I received two emails from the White House but I ignored them because I thought it was junk mail -  until a friend told me she had nominated me as a “Champion of Change”.  I was one of 12 people recognized in June 2013 as Crowdfunding “Champions of Change.”  The event focused on entrepreneurs who exemplified the promise of crowdfunding to fuel the growth of startups, small businesses, and innovative projects across the Nation.

I celebrated the bookstore’s first anniversary on June 1st in New York and took a train to DC the next day.  Speaking at the White House was one of the highlights of my professional career and it was the perfect way to celebrate our first year in business.

What are some projects you are working on now?

I’m a student again!

I recently completed my first year at USC Marshall School of Business, in the MS Social Entrepreneurship program.  I have enjoyed learning about social entrepreneurship, creative placemaking and the intersection of the two.  I learn from every workshop/class/book constantly adding to my educational toolbox. 

How do you define social entrepreneurship and why do you think it’s important?

Every action has an impact and it’s a matter of being intentional on having the most positive impact possible on people and the environment.  To me, social entrepreneurship means taking other people and the planet into account when making all decisions in an organization.

Not only is it important, it’s absolutely necessary!  We can no longer ignore social and environmental issues, we need to demand change from companies and use our individual and collective power to fight against injustice - knowing that all of our actions impact our society and the world.   

What is the legacy you hope you are creating?

A story can be a window into another person’s experience, or a mirror that reflects your own.  The majority of the books that I read as a child were windows -- an opportunity to look into the life/world of other people, other cultures, other experiences. When I read “The House on Mango Street”, I was looking into a mirror -- seeing a reflection of my own life and world.

Simon Sinek said, “Passion comes from who you are”. I am passionate about creating spaces where children can hold mirrors, especially for to those who have only seen through windows.

With La Casa Azul Bookstore we planted seeds in the minds and hearts of children who were exposed to books and stories that served as reflections of their own stories.  In future years I hope those seeds flourish and inspire kids to follow their own passions.  

Aurora Anaya-Cerda will be speaking at our Acceptance Tour in LA on Monday, May 22nd.  For more information about Aurora, visit her links below.

LinkedIn: Aurora Anaya-Cerda

Articles: White House Archives , Do What You Love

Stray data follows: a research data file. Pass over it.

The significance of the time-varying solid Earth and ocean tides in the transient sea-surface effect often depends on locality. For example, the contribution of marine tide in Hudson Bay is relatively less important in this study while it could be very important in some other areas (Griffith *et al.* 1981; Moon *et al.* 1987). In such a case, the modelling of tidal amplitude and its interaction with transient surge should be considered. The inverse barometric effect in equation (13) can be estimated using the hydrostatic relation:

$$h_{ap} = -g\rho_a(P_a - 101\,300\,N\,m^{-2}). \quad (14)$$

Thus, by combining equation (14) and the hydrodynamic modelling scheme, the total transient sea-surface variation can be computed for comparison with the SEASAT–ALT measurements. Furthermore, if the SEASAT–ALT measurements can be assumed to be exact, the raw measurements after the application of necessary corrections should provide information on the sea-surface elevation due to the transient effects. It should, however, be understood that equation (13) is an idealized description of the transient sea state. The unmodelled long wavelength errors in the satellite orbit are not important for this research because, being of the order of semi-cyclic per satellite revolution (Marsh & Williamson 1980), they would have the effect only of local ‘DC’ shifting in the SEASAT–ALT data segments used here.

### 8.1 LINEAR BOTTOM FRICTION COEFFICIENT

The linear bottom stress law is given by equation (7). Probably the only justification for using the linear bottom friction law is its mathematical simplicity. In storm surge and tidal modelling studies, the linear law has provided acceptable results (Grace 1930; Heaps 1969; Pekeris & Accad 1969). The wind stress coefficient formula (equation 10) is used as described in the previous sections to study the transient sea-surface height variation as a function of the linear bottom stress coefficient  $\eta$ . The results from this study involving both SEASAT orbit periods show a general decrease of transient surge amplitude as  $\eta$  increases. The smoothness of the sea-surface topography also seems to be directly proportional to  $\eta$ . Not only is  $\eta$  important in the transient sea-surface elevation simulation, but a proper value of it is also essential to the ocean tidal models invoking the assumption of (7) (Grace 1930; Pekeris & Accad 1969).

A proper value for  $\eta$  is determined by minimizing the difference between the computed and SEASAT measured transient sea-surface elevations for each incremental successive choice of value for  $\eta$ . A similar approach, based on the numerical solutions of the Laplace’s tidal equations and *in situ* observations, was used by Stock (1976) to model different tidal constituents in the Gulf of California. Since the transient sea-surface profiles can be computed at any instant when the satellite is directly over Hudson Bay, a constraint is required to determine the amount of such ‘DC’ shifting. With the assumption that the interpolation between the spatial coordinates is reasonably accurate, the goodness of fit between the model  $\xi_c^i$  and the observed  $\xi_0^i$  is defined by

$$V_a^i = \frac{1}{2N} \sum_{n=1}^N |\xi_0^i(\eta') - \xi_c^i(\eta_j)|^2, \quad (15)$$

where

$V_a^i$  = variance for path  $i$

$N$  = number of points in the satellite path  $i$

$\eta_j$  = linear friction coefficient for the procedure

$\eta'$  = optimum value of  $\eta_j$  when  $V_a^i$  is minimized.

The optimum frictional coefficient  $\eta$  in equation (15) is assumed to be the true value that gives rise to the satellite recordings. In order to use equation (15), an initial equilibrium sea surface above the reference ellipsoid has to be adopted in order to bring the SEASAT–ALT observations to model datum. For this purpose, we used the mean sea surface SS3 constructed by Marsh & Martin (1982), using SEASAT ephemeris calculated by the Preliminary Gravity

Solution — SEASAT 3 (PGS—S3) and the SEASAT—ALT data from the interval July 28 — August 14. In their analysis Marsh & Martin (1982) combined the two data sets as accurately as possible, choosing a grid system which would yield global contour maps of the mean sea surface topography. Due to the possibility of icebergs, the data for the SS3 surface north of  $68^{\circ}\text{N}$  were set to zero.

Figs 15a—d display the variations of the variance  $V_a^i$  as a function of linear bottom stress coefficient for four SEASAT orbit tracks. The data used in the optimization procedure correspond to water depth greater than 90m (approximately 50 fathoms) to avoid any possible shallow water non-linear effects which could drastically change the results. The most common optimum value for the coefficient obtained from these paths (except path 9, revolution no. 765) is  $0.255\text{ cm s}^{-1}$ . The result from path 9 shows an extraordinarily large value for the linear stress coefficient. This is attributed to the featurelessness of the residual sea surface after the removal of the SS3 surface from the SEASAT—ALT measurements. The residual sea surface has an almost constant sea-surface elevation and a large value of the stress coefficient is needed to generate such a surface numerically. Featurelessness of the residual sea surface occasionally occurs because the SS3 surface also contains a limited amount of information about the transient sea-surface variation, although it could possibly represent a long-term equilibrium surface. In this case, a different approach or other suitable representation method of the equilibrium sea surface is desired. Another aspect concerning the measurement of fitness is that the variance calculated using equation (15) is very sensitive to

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Beyond Angelina: Marvelous Picture Books for Little Dancers

Miss Lina’s Ballerinas Series by Grace Maccarone

Full of rollicking verse and wispy pastel illustrations reminiscent of the beloved Madeline books, these sweet stories are a must-have for every ballerina’s library.  Miss Lina’s adventures teach gentle lessons on inclusion, persistence, and grace, and her small flock of dancers provide plenty of laughs.

Suitable for all ages.

Brontorina by James Howe

Brontorina, a giant orange dinosaur, simply does not belong in the ballet studio: she cracks the floor when she plies, punctures the ceiling when she jumps, and absolutely does not have the right shoes. But with the help of a few welcoming friends, brontorina begins to realize that maybe the dance room itself is just too small for dreams (and limbs) as big as hers.

Whimsical and goofy, this body-positive tale is sure to delight the 2-5 crowd, and will probably inspire some outdoor dance parties by its fun and silly conclusion.

Fancy Nancy and the Mermaid Ballet by Jane O’Connor

Daring drama queen Nancy is entirely certain she will be cast as a glamorous mermaid in her studio’s spring showcase- so when both she and best friend Bree are given utterly dull parts (an oyster and a tree- gasp!) they are despondent. But thanks to a little creative thinking, a lot of drama, and the wisdom of her mama, nancy learns to love her role (trees can be fancy too, you know).

Nancy’s devotion to all things fancy certainly extends to language- this adorable tale is full of delicious vocabulary not often found in contemporary picture books. Best for ages 4-7.   

Ella Bella Ballerina Series by James Mayhew

By the power of a magical music box, young Ella Bella is swept away into the narratives of classic ballets in this smart and charming series. More sophisticated than most picture books, these lovely explorations of swan lake, the nutcracker, sleeping beauty, and cinderella are best for readers ages 5-8.  

 -Mack Oliver, Design Dance Instructor